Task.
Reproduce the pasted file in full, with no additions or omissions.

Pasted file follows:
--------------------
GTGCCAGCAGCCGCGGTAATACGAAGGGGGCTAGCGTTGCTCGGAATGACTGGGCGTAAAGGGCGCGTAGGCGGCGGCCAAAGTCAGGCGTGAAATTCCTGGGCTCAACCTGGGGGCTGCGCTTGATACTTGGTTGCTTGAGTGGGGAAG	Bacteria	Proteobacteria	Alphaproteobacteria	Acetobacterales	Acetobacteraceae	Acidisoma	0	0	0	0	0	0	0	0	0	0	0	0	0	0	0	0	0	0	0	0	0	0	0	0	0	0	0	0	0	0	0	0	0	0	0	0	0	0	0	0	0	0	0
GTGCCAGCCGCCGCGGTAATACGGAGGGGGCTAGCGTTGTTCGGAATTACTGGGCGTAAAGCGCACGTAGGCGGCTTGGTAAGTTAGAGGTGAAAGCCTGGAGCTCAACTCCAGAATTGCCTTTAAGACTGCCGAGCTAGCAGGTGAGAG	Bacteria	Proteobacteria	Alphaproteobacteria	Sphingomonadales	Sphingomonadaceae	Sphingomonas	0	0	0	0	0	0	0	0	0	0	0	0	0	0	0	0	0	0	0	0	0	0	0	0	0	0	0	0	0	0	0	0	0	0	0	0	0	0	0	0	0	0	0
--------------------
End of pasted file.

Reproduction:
GTGCCAGCAGCCGCGGTAATACGAAGGGGGCTAGCGTTGCTCGGAATGACTGGGCGTAAAGGGCGCGTAGGCGGCGGCCAAAGTCAGGCGTGAAATTCCTGGGCTCAACCTGGGGGCTGCGCTTGATACTTGGTTGCTTGAGTGGGGAAG	Bacteria	Proteobacteria	Alphaproteobacteria	Acetobacterales	Acetobacteraceae	Acidisoma	0	0	0	0	0	0	0	0	0	0	0	0	0	0	0	0	0	0	0	0	0	0	0	0	0	0	0	0	0	0	0	0	0	0	0	0	0	0	0	0	0	0	0
GTGCCAGCCGCCGCGGTAATACGGAGGGGGCTAGCGTTGTTCGGAATTACTGGGCGTAAAGCGCACGTAGGCGGCTTGGTAAGTTAGAGGTGAAAGCCTGGAGCTCAACTCCAGAATTGCCTTTAAGACTGCCGAGCTAGCAGGTGAGAG	Bacteria	Proteobacteria	Alphaproteobacteria	Sphingomonadales	Sphingomonadaceae	Sphingomonas	0	0	0	0	0	0	0	0	0	0	0	0	0	0	0	0	0	0	0	0	0	0	0	0	0	0	0	0	0	0	0	0	0	0	0	0	0	0	0	0	0	0	0